Omnichannel is the new buzzword for retail. Everyone is into omnichannel today, everyone I know in retail is talking about their omnichannel strategy. But few can really define it let along point out the difference between multichannel and omnichannel. The problem for omnichannel as most describe it is, it isn’t solving the old problem that multichannel said it would but didn’t.

Multichannel was the big promise 10 years ago that if we have all these channels both online and offline, we would see sales grow, we didn’t really. It also distracted businesses from the future and forced old school methods of marketing to last longer than they really should have. I mean seriously, banner ads? Who even pays attention to those anymore. As a consumer, I don’t notice them. Yet I hear strategies around having the same banner ads shown on tablet and laptops and that’s omnichannel. If that’s what you call omnichannel, you are really selling your company short.

Some are now talking omnichannel, break down the silos and make multichannel seamless. Great, but the problem is, nobody is talking about the future or how this is any better than multichannel! If you want an omnichannel experience that really works, you have to start to take down the systems that are in place already.

Most organizations are still full of silos. I enjoy talking to other retailers and you see what the PR department says and then what the people on the front line say. Two different stories. Front line people will tell you, the silos are alive and well. That’s because most of the reward systems and reporting structures are still designed to reward people for just what they are focused on. The ripple effect of their actions is not measured or rewarded. A true omnichannel strategy will recognize that seamless means, a sales experience may start in one channel and end in another and the original and intermediate channels deserve credit for the sale, not just the final POS. If you want omnichannel, you will have to solve this. This was the big issue when the internet came up as a channel and the store managers felt it was taking sales away from them. Fix this and you can get closer to omnichannel.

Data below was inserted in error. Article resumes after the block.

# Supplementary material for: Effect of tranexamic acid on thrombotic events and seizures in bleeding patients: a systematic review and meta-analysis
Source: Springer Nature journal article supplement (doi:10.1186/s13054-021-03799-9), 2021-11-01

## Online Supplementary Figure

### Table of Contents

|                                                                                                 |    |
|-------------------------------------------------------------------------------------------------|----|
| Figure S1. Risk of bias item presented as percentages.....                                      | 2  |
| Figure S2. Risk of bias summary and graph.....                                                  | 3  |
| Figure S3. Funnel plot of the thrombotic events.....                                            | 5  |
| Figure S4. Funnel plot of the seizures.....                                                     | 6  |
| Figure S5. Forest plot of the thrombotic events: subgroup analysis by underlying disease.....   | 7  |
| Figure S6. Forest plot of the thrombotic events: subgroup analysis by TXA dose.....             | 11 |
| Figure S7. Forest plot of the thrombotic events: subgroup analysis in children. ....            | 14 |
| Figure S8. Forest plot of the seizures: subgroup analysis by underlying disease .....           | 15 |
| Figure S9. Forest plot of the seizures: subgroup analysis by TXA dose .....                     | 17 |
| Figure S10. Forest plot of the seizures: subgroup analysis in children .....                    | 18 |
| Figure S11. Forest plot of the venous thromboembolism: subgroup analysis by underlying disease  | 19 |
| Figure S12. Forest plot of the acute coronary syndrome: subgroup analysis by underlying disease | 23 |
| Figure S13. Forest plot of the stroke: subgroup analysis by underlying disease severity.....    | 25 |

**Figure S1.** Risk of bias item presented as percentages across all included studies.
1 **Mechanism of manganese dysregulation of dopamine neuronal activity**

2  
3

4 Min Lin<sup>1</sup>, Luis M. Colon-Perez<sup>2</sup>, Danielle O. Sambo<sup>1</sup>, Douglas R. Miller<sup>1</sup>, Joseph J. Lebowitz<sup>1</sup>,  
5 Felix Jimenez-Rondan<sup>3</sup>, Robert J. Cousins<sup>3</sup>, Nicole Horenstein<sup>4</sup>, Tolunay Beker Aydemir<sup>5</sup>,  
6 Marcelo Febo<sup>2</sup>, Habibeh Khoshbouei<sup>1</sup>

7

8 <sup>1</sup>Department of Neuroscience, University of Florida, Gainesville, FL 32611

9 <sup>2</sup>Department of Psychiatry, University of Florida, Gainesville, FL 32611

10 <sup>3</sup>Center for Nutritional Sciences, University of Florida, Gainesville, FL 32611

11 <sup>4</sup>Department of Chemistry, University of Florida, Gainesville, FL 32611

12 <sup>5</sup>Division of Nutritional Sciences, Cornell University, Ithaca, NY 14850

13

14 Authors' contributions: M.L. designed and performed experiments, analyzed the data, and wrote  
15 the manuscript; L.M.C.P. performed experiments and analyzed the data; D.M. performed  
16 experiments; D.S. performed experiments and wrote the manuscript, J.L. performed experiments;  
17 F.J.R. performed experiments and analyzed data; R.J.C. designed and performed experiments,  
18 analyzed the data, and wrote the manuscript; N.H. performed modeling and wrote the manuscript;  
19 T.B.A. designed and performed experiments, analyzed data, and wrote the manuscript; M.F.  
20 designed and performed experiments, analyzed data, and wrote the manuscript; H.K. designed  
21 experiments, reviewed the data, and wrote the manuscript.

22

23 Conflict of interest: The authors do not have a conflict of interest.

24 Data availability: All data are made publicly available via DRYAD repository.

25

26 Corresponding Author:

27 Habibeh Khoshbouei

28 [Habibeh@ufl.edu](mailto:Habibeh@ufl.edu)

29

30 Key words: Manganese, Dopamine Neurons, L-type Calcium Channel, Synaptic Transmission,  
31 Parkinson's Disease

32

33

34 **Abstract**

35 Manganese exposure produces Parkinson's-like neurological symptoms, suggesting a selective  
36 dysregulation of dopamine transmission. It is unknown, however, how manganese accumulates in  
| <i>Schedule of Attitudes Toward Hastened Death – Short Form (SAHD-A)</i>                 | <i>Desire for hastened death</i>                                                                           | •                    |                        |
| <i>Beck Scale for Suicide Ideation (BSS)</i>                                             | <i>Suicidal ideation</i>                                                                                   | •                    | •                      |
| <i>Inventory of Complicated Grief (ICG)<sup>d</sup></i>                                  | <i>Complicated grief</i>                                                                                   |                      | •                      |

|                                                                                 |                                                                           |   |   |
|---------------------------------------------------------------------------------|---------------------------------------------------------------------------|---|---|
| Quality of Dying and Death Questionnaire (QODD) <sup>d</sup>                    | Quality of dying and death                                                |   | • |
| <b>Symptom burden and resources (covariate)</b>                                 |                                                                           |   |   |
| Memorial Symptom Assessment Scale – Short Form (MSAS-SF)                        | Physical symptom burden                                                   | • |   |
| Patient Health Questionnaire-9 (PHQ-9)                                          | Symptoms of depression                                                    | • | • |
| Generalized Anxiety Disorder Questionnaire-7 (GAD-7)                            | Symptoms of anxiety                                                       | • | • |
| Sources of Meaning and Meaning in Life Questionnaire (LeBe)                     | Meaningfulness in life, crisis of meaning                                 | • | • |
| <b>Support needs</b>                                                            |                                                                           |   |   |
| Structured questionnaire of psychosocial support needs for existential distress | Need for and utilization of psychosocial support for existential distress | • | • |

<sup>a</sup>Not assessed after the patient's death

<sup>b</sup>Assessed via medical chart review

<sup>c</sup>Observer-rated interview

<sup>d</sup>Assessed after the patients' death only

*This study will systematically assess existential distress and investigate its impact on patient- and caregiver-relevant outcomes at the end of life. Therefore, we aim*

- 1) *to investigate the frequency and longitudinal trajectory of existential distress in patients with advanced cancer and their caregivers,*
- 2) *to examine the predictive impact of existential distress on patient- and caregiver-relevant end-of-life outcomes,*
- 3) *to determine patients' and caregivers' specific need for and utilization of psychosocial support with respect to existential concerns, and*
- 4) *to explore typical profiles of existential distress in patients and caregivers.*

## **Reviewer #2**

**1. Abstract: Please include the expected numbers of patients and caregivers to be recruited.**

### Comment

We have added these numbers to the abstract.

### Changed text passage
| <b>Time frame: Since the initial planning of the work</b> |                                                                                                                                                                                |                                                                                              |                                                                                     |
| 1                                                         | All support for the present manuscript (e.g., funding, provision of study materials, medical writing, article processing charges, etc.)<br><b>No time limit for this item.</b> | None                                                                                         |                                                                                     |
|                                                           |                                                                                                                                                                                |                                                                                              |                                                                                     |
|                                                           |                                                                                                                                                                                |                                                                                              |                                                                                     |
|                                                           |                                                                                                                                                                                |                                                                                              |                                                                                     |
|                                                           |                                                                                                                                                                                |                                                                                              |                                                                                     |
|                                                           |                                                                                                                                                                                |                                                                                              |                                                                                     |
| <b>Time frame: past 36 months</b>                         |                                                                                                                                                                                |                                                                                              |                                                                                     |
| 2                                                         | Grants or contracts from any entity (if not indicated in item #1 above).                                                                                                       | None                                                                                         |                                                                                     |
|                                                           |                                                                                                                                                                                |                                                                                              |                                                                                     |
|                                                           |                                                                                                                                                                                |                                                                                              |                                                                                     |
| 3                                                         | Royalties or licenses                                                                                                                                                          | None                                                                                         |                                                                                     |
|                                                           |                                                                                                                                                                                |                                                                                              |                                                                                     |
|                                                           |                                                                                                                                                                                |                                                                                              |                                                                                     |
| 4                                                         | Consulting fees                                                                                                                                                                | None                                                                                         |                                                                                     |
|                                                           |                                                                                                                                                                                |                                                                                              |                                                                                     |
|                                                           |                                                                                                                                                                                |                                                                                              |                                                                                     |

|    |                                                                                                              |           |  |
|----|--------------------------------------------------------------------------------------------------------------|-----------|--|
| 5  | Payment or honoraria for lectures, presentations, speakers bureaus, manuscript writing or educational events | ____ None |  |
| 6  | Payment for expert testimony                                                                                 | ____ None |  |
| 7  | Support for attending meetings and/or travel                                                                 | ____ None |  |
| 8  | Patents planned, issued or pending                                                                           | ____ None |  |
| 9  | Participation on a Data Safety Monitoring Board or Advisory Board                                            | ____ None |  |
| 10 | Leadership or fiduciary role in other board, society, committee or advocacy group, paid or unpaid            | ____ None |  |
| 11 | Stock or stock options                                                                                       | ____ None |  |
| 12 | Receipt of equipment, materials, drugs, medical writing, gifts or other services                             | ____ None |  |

Omnichannel requires rewriting a lot of methods and systems. Analytics will need to be improved and this is where big data, data science and omnichannel all converge. The three new disciplines entering the retail world, are the pieces that will reshape the landscape. A really good omnichannel experience requires a lot of data. Once you have that data, you need people who can analyze it and make some sense of it. Finally, omnichannel needs to drop the old and allow in new ways of doing business. At work I always say, omnichannel is about creating new customer experiences. It is not about showing people the same banner ad across platforms. It is about creating a totally new engagement that can be channel agnostic.

Omnichannel is new, still full of promise and hope. At the heart, it is still claiming the same benefits of multichannel. But if all companies do is make multichannel seamless, they will never achieve the kind of results they hope to gain from omnichannel.